Quick and dirty, because I'm backlogged!
I read K.J. Parker's novella Blue and Gold because of this post at Reading the End, and now I'm going to read the rest of K.J. Parker because while it doesn't actually read like Miles Vorkosigan--the world and story and storytelling are all different, and the character is a completely different person--it's all about a narrator who has many hands against him, but is super freaking clever. (I know that invoking Miles is a very big deal, and I don't want to overuse this. I repeat that the book is nothing like those books, but the character's appeal is, like Miles', in his extreme competence.)
And he's maybe not a very good person; it gets harder to decide as the story goes on. Oh, it was so good, thank you, Jenny! (Also, a bunch of Parker's work is available on the Kindle in convenient omnibus form. I own this now.)
I read Drew Weing's Set to Sea because I've been enjoying his webcomic, The Creepy Casefiles of Margo Maloo. Honestly, there isn't a lot to say about it, except that it's kind of a lovely little book with a very simple story about a man who wants to be a poet but is impressed as a sailor. The moral is kind of about living the life you have, and how that can lead to the life you dream of. I wish I had more to say about it--the format, with one drawing per page, makes it a very short story, but the art and the broad-strokes rendition of a life at sea made it really appealing. I don't know--not perfect for everyone, but a nice little volume.
I was about to put in a few kids' comics and books that I've read recently, but I think I might do a Christmas suggestion list next week, so we'll save that up, shall we? Because who doesn't have a seven year old who needs some comics for Christmas? And there are only so many volumes of Zita the Spacegirl and Amulet out there.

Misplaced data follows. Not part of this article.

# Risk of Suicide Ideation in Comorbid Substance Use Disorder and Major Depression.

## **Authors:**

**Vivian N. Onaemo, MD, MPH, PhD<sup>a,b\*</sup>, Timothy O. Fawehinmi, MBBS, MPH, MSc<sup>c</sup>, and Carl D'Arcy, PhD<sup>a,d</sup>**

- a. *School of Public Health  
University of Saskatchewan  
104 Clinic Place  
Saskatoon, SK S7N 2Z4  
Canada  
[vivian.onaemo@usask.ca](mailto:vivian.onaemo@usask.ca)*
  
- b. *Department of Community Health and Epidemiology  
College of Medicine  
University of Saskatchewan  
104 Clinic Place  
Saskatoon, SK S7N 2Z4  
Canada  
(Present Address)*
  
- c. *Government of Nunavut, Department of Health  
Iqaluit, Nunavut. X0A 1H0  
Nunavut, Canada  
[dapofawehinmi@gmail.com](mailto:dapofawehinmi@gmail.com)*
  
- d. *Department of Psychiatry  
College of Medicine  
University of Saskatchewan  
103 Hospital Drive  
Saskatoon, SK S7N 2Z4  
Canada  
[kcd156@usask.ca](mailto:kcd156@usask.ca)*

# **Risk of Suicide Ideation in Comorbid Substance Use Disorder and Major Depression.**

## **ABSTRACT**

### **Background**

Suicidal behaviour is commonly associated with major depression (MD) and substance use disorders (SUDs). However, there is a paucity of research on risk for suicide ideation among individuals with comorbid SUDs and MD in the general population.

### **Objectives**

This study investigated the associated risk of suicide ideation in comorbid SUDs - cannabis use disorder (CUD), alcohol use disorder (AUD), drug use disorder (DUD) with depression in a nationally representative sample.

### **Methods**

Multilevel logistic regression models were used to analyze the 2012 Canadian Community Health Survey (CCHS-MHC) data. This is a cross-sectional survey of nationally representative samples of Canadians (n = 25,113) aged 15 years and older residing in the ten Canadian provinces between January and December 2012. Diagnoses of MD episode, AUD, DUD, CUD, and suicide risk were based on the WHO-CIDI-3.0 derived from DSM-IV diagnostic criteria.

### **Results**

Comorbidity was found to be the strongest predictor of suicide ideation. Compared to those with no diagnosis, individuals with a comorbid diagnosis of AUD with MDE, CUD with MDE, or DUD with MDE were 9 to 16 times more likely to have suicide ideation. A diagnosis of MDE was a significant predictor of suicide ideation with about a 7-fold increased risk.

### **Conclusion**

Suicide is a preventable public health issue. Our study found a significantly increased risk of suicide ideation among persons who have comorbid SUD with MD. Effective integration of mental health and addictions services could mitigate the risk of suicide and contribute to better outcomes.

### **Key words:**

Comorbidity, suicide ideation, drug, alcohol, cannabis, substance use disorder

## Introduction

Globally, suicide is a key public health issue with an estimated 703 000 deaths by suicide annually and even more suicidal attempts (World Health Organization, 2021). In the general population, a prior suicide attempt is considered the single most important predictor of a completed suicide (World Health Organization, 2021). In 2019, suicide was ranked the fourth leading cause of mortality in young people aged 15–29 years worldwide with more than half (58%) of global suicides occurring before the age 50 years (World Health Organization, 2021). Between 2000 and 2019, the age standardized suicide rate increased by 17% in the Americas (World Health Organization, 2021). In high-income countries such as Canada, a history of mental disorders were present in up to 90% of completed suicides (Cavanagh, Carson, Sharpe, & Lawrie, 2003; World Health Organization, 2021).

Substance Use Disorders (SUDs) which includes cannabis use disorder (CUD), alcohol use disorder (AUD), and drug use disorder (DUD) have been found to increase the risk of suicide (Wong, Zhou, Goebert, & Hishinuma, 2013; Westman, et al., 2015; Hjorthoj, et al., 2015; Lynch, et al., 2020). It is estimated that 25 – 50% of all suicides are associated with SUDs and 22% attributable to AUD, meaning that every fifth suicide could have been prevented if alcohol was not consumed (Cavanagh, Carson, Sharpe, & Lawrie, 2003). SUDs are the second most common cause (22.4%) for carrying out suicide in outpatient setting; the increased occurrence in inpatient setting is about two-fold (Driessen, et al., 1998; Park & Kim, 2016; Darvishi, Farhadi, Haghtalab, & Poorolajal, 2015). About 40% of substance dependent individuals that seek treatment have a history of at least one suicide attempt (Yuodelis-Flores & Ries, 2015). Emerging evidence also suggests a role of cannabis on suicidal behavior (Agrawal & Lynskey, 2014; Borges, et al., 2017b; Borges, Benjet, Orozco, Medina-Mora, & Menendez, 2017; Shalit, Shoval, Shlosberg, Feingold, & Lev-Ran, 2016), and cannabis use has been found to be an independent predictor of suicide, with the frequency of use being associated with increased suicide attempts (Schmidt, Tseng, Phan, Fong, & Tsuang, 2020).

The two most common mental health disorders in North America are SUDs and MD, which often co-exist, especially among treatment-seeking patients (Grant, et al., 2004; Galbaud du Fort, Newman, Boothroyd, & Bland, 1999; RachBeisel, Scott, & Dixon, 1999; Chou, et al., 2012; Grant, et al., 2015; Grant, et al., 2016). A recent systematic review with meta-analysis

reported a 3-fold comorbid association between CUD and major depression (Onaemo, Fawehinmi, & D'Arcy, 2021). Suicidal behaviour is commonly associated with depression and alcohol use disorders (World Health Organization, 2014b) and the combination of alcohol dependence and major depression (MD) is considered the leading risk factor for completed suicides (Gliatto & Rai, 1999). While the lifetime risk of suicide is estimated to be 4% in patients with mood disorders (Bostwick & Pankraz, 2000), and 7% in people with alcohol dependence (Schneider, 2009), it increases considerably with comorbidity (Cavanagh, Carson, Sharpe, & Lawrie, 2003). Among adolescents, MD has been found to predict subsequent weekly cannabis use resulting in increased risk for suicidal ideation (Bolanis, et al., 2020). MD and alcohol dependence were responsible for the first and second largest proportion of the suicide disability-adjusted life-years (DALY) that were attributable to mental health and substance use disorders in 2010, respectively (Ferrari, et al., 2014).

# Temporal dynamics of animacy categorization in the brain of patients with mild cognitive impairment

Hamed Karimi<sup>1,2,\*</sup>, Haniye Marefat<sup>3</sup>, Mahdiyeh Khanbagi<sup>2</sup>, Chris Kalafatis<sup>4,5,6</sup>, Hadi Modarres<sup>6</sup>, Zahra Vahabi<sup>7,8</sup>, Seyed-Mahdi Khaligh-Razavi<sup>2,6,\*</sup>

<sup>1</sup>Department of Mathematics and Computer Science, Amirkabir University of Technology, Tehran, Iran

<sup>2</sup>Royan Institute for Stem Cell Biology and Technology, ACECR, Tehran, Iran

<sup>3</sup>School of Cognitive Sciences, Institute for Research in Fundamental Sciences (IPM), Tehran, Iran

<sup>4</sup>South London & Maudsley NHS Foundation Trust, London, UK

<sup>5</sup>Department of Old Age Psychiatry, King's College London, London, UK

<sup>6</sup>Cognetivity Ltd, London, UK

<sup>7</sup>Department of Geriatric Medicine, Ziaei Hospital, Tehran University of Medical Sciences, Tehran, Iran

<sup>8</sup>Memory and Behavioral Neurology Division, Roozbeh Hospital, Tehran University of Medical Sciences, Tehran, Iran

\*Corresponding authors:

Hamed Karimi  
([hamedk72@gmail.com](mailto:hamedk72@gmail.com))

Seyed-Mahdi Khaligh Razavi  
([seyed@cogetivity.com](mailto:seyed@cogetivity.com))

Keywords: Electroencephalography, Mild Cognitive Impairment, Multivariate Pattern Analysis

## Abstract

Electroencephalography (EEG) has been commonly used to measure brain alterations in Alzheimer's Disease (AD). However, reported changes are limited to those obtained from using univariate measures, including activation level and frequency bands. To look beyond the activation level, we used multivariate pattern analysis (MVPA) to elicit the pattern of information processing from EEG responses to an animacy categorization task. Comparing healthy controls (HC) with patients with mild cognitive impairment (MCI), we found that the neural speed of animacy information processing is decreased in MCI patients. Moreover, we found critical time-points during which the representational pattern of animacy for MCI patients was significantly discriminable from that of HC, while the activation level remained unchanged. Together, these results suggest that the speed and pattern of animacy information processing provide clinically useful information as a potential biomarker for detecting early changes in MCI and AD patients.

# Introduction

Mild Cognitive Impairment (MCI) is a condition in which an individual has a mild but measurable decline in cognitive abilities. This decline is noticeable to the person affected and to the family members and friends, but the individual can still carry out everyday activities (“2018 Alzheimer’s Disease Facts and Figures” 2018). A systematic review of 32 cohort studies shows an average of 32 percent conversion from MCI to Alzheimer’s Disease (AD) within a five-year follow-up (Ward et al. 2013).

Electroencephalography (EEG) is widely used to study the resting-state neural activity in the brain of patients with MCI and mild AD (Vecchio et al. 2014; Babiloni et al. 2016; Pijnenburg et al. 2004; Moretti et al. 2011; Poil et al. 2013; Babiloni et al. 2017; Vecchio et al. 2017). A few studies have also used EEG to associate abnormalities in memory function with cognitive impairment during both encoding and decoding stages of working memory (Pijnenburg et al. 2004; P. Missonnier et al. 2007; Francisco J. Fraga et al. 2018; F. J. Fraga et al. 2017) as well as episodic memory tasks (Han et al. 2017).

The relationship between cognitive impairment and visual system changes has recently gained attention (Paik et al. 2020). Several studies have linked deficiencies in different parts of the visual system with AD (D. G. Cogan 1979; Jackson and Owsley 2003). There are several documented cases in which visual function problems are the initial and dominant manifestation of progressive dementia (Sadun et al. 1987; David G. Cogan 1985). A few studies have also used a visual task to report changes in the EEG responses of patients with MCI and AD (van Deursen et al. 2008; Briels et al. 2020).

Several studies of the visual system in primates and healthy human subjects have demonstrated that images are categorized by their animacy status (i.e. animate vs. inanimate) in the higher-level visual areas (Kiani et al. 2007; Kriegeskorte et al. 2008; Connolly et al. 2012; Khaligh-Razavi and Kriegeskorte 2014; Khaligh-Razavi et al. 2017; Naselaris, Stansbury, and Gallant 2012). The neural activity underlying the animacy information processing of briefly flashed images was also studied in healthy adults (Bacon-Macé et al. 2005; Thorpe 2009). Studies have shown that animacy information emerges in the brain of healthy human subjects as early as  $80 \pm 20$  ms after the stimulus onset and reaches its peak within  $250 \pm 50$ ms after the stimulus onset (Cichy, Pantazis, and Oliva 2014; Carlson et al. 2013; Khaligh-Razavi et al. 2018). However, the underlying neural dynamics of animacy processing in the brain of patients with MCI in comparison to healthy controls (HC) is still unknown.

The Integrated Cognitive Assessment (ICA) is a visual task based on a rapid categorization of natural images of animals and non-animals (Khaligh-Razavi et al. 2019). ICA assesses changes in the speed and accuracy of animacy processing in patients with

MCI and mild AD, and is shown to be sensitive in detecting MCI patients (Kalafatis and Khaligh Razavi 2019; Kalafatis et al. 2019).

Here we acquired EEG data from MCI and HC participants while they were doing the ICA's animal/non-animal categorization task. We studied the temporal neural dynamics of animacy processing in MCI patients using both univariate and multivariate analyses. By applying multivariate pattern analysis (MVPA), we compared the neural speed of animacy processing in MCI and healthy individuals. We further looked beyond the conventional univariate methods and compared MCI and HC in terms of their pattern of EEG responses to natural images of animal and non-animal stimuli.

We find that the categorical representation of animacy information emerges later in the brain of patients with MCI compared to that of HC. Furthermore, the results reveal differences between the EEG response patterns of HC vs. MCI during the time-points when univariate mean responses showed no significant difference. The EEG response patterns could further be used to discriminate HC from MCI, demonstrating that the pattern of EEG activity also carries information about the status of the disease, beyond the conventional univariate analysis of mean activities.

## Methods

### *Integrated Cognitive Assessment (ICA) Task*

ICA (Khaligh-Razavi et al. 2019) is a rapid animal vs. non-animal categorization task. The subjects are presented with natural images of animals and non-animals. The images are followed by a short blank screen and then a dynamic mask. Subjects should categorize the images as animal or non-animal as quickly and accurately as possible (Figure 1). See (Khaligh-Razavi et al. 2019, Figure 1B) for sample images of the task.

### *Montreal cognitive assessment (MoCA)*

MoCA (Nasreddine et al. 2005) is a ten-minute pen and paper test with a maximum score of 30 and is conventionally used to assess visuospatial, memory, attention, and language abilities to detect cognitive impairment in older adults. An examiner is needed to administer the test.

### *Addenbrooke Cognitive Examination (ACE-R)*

So let's polish this off with another novella, Ajax Penumbra 1969, by Robin Sloan. This is a companion--you might even say a prequel--to Mr. Penumbra's 24-Hour Bookstore, which we read for book club a while back.
I'm going to start by pointing out my annoyance at having Ajax Penumbra clearly defined as being of Spanish descent, because I had always pictured him as Southeast Asian. So that was kind of a bummer. Really, this is a charming adventure about searching for a lost tome, and the adventure part is a really fun romp.
But after reading Bookstore, the similarities here actually kind of weakened the whole thing. First, what really jumped out at me here is the fact that books are kind of a fetish object in this whole series. These are people who love and study and hunt down books, but they mostly don't read them. They're about books as objects, not about the ideas and people and lives that are within them, so that the meaning of it is kind of lost. When I revel in the sheer pleasure of a big pile of books, I'm thinking about reading them; I don't think Robin Sloan is.
Also, somehow Ajax has a computer genius best friend, just like what's-his-name in Bookstore. It worked really well in that one, with Google culture and the web as an information source thing. But here, it's big punchcard machines and again, it's kind of weird to work them in. But at least they're addressed for what they are--it's not just about having a computer--it's about the data you can hold and process in them, and then the real things you can do with that data, like build tunnels under cities and figure out how many people will be riding on the train on a certain Tuesday three years from now.
Anyway, I'm complaining, but really, as I said, it's mostly a treasure hunt romp. And it's short, and if you liked Mr. Penumbra's Bookstore, then Ajax Penumbra is charming and worth the brief reading time.
There! A month around the edges of my reading, all in one post. Enjoy!
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